The emperor Decius, whom we have already met, was a particularly fierce enemy of the church all across the Roman world, and his anger burned even against the simplest of Christians. Such was Barlaam, who was a farmer in a village of Asia Minor near Antioch. During the Decian persecution, he was imprisoned for his confession of Christ and mocked for his simple defense of the gospel.
But, due to his rural upbringing – which was itself a trial of will – this good Christian exemplified humble bravery before all the ingenuities of an evil accuser. He was tortured with a myriad of devices: whips and flogs, the rack, beatings, and all other means of Roman cruelty. Yet steadfast he remained, without so much as a word, thus imitating his Savior who “opened not his mouth; like a lamb that is led to the slaughter, and like a sheep that before its shearers is silent, so he opened not his mouth” (Is. 53:7). When threatened with death, dear Barlaam endured undaunted; his calmness and contentedness very nearly defeated his persecutors. But the Lord was not yet finished.
The judge – no doubt a Roman of “noble” birth – was too proud to allow a peasant to have the victory; so he sent Barlaam to prison again and studied the art of torment, intending to devise some new and devious artifice of evil. He eventually invented a torture so deceitful that, in his mind, not even the Christians could defeat. He summoned Barlaam and brought him before an altar upon which the coals were already burning. The Christian’s hand was held above the coals, and the incense of sacrifice was placed upon his palm. ”Now,” said the judge, with a frenzied face of predatory pleasure, “either you will voluntarily drop the incense upon the flame and sacrifice to Caesar, or you shall do so involuntarily when you shake the fiery coals from your hand!” The poor man silently refused to sacrifice. The pagans dropped the coals onto his hand. But the Lord gave the victory to Barlaam.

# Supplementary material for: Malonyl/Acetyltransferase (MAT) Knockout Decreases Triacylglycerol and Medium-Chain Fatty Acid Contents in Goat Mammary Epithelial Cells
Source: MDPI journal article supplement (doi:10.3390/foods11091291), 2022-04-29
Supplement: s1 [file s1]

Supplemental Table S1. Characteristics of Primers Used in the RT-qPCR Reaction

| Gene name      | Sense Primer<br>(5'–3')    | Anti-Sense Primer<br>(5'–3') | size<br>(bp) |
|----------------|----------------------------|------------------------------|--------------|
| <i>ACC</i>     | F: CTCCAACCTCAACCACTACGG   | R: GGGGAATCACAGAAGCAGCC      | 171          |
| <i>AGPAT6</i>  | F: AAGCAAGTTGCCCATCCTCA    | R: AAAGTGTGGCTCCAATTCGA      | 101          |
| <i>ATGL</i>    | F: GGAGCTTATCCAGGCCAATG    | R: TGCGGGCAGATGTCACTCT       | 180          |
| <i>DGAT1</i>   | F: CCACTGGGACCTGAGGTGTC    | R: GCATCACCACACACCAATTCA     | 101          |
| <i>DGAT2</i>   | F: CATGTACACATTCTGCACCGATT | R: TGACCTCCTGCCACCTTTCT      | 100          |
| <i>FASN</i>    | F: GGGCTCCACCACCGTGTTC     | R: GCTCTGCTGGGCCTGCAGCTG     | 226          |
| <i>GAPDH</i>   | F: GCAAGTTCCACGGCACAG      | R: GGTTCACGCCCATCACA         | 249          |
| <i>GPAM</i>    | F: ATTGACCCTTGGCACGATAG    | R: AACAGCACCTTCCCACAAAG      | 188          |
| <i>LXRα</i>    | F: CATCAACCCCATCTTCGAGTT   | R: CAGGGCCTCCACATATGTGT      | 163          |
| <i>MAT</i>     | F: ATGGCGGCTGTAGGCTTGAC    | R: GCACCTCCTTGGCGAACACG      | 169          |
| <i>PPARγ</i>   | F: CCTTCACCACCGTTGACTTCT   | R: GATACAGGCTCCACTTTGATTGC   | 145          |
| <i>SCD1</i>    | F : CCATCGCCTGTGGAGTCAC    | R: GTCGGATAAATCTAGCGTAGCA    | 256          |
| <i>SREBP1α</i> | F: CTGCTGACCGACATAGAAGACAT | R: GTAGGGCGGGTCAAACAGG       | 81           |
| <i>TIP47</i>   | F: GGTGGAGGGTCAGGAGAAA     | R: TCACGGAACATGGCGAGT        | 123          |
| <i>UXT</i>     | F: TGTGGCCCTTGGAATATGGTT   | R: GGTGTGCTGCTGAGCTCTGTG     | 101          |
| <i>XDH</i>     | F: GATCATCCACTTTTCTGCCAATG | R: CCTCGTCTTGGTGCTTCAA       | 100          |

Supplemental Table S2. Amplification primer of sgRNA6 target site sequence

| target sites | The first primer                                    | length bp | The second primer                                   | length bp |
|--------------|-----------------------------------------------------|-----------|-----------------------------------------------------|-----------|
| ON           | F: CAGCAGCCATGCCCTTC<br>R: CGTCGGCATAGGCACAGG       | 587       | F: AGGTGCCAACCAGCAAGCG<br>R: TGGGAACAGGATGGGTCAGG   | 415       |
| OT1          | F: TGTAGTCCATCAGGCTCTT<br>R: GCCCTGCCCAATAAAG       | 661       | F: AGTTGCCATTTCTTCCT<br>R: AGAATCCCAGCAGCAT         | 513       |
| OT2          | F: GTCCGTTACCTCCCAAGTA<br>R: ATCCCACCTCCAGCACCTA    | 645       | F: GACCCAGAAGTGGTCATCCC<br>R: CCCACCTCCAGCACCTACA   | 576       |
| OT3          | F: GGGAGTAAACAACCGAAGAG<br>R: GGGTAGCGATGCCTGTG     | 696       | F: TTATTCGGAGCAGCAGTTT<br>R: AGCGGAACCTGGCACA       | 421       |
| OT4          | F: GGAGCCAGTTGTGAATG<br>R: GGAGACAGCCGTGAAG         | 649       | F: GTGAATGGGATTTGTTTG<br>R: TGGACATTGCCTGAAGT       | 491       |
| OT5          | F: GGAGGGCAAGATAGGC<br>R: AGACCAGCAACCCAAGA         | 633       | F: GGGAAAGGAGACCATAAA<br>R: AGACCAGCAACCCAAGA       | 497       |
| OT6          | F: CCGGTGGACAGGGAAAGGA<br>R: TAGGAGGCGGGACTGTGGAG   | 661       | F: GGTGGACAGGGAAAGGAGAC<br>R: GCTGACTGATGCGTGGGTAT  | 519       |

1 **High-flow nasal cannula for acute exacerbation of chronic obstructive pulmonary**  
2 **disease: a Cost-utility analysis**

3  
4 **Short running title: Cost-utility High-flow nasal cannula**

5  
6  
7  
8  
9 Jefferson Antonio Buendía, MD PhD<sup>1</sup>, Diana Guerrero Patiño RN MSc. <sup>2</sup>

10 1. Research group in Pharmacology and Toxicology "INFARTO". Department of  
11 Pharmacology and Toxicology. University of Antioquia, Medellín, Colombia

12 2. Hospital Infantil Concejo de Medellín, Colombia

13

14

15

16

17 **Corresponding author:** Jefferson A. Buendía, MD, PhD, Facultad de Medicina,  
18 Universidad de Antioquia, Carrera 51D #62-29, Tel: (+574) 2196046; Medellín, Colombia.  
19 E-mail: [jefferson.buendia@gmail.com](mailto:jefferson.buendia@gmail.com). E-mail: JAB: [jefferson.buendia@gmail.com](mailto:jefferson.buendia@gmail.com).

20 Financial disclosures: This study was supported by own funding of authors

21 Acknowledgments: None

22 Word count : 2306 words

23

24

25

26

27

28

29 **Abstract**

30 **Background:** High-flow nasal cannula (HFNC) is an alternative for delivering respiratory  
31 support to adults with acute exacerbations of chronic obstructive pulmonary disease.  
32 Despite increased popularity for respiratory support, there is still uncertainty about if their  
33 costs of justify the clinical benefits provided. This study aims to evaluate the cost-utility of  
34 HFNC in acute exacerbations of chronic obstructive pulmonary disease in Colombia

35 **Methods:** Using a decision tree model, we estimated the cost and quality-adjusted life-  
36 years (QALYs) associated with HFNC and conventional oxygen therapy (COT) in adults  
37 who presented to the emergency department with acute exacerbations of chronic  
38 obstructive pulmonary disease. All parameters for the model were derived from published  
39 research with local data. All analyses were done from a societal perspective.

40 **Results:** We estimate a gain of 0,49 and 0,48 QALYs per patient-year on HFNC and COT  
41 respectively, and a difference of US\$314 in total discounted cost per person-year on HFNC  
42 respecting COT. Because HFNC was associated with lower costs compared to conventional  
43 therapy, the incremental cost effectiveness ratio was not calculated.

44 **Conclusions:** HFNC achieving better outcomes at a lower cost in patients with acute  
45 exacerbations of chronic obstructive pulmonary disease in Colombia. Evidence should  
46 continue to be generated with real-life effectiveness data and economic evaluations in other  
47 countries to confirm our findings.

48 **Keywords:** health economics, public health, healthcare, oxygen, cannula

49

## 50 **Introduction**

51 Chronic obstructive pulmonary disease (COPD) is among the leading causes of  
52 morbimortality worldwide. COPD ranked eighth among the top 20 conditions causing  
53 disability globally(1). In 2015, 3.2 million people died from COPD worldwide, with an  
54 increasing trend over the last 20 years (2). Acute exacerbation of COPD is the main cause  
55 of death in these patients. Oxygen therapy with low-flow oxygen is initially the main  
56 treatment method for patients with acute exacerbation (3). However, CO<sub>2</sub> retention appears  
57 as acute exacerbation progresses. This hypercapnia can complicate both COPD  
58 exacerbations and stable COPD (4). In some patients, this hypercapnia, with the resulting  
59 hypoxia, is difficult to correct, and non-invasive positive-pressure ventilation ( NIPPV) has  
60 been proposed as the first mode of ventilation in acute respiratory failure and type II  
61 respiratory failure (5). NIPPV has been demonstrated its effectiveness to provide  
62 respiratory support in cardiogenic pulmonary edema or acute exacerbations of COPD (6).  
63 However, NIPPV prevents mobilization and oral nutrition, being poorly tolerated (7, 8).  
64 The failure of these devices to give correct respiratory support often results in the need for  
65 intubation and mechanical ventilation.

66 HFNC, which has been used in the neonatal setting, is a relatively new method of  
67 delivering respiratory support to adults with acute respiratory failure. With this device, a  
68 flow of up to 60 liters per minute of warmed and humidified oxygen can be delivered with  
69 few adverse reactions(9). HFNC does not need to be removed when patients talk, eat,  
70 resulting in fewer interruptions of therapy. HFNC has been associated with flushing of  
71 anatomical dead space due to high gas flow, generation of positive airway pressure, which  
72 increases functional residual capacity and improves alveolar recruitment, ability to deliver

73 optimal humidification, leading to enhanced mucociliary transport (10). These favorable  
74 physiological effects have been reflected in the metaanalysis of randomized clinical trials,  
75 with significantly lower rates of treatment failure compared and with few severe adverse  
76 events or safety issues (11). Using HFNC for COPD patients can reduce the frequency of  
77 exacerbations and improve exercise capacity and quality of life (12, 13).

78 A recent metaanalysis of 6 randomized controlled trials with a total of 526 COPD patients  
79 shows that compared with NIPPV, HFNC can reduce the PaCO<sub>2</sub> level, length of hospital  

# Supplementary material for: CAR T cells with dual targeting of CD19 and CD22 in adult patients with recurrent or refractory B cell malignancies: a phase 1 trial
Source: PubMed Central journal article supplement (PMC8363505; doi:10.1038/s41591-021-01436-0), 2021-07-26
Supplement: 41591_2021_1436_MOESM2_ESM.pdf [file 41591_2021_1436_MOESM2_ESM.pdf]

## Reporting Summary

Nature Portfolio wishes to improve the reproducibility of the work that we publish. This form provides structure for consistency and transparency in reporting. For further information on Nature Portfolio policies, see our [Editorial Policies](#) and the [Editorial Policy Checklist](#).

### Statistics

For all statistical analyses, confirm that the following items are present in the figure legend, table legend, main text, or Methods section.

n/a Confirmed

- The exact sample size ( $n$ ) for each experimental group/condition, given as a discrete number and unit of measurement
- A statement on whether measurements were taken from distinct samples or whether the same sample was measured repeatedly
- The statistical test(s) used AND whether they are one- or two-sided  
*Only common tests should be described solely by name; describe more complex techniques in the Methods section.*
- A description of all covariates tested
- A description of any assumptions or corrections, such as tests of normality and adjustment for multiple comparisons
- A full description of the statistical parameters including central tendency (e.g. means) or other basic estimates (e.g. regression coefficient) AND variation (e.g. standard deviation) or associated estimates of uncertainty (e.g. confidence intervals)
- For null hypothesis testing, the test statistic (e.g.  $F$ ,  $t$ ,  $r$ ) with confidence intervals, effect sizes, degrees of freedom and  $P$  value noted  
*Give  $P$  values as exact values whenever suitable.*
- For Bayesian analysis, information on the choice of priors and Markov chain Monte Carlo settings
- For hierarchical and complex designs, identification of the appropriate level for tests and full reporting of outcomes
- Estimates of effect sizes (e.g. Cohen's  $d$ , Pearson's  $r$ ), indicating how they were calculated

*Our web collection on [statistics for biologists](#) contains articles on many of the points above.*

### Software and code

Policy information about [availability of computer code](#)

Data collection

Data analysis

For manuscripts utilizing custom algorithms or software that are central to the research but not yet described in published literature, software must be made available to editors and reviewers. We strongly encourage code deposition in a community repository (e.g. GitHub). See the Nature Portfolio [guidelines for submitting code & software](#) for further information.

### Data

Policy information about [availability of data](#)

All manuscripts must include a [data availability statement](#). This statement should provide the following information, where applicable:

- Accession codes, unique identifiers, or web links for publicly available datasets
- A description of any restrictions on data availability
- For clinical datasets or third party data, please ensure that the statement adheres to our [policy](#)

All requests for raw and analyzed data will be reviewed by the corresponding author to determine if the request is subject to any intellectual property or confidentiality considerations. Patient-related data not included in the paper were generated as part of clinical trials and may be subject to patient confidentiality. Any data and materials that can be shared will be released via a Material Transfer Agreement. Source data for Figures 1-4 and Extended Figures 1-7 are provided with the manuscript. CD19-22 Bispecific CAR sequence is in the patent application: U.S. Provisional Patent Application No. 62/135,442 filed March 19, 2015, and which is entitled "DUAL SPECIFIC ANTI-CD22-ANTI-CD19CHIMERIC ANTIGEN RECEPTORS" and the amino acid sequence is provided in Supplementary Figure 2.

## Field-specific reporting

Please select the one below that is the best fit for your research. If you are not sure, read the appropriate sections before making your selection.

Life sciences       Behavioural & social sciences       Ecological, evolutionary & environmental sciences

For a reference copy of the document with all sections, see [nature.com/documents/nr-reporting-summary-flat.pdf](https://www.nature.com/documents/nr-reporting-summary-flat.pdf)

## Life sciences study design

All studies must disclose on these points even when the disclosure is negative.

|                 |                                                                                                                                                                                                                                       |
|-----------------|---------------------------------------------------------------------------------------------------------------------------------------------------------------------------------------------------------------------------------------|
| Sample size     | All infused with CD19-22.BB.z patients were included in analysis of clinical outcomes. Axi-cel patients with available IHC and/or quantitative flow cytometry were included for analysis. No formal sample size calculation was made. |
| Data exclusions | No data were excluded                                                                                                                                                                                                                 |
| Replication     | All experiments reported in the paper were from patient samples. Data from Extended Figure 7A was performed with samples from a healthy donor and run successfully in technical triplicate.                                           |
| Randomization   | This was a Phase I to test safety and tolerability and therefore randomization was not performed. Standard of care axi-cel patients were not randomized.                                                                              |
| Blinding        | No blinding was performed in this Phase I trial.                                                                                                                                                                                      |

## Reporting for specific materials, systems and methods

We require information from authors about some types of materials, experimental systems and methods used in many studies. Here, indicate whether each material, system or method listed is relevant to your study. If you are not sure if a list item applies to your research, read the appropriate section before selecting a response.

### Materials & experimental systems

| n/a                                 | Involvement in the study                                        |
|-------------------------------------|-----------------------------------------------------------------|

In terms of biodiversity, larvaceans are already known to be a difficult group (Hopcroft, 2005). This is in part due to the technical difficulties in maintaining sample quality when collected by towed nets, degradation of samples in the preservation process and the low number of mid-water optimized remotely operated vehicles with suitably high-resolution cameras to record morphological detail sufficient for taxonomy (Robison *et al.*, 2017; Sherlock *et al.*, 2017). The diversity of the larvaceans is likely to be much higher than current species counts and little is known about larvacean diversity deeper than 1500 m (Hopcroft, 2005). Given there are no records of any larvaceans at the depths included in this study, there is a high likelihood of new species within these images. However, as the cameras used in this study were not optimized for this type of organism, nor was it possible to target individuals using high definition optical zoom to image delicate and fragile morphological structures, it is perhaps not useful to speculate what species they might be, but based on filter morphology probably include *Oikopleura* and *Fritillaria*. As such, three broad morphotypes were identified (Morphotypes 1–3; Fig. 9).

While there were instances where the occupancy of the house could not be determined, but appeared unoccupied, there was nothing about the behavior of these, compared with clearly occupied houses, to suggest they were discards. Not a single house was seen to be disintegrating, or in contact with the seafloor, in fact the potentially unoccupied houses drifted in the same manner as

The good man kept his hand steady, while the reek of burning flesh permeated the air. Though no reasonable man would have accused the saint of actually sacrificing had he removed his hand, the saint endured the pain in a manner worthy of the gospel of Jesus. Finally, the coals burned their way through his hand and, along with the incense, fell upon the altar. The pagans, surrounding the victor with baffled glances, admired his otherworldly fortitude; and soon after this routing of the enemy, God called His soldier home, crowning him with glory.
How has this encouraged your walk in faith, and how can you imitate the bravery of Barlaam in your own life?